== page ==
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Why you should keep your orange juice in the FREEZER: The body absorbs antioxidants better when fruit has been frozen then thawed
Orange juice is healthier for you if it has been frozen and defrosted, according to research.
Scientists have discovered the body may absorb more of the orange's antioxidants from defrosted juice than it does from fresh or pasteurised juice.
When orange juice is frozen and thawed out, health-giving elements of the juice are broken down into smaller particles which are easier for the intestines to soak up.
These particles, called carotenoids, are thought to have cancer-fighting properties, can be converted to vitamin A, and have anti-inflammatory and immune system benefits which may help to prevent heart disease.
The research by the University of Seville studied how freezing or pasteurising orange juice affected the antioxidants.
They believe freezing, which is done in the food industry to preserve juice, improves the healthiness of the juice and now hope to test their theory outside of the lab.
The study focused on what the scientists call the bioaccessibility of the antioxidants; that is, how available they are to be absorbed from the food into the blood by the intestines.
Absorption into the blood and building up in organs and tissues is how the antioxidants deliver their health-giving properties to the body.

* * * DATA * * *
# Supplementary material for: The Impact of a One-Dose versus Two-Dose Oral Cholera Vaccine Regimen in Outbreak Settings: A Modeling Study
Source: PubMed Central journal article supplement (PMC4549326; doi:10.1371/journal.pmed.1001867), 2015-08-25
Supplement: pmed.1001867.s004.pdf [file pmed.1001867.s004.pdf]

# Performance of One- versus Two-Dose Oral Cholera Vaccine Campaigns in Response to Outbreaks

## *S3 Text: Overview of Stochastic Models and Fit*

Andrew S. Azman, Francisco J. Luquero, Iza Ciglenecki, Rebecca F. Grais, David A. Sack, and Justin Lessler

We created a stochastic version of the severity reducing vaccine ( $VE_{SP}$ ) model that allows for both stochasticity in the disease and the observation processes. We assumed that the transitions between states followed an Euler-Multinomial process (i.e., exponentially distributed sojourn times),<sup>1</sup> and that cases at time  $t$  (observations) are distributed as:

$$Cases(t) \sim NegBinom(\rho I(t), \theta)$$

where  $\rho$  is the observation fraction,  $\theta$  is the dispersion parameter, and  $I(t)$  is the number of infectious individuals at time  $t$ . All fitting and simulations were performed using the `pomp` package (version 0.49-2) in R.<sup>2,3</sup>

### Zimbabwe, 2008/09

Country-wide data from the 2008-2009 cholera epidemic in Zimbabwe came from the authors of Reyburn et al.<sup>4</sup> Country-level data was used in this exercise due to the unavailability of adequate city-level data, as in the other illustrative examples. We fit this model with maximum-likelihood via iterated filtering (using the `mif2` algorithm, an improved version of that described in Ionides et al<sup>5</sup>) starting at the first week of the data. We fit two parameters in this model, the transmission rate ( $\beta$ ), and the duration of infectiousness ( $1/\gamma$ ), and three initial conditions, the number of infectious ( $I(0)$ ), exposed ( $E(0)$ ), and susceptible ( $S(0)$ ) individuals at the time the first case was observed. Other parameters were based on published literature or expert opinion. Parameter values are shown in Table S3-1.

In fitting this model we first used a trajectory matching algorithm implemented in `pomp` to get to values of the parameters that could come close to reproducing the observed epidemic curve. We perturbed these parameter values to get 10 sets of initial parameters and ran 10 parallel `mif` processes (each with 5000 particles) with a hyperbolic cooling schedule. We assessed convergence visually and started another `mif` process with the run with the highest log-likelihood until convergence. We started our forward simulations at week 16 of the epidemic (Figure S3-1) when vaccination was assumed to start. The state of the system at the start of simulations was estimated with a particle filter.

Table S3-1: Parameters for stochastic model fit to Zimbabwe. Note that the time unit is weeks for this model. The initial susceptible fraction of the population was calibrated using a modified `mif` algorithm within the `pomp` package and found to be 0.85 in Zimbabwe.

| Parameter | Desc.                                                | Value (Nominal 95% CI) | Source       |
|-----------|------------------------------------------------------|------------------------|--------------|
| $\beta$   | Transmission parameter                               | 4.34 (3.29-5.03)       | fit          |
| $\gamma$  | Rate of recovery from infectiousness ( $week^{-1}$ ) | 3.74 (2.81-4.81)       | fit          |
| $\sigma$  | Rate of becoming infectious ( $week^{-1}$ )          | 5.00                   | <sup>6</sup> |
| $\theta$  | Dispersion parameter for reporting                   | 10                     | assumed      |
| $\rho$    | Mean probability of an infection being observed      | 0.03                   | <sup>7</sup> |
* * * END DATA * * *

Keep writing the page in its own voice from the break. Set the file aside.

Scientists discovered that during freezing the antioxidants – the carotenoids – become more accessible but they also deteriorate.
Although there are fewer carotenoids in the juice after it has been defrosted, what is left could be easier for the body to absorb, meaning the overall effect is positive.
'Despite the fact that the concentration of carotenoids in the deep-frozen juices was less than in the fresh juice, the reduction in the size of the particles and the destruction of the cellular material that these treatments produce mean that the amount of carotenoids that can be absorbed by the intestine is higher,' said study co-author Paula Mapelli.
The results showed pasteurisation – heating a liquid to kill bacteria – causes the carotenoids to deteriorate the most, and also changes the colour of the juice.
The researchers said levels of the antioxidants are highest in fresh juice but they might not be as easily absorbed.
Pharmacy lecturer at the university, Antonio Meléndez added: 'Consumers tend to think that treated juices are 'less healthy' than fresh juices.
'However, in this study, it has been shown how, at least in relation to the content of carotenoids that reaches the blood and tissue to protect us from disease, this is not always correct.'
The team's research, published in the Journal of Functional Foods, was carried out on the Pinalate variety of orange, which is not genetically modified.
Research published as long ago as 2003 suggested eating the citrus fruit could cut the risk of mouth, larynx and stomach cancers by up to 50 percent.
Scientists have also claimed drinking two glasses of orange juice a day could cut the risk of stroke and that people who did not get enough vitamin C each day were 30 percent more likely to have one.
Citrus fruits could cut the risk of developing incurable brain degeneration by up to a quarter, according to a study of 13,000 people by University College London and Liverpool University.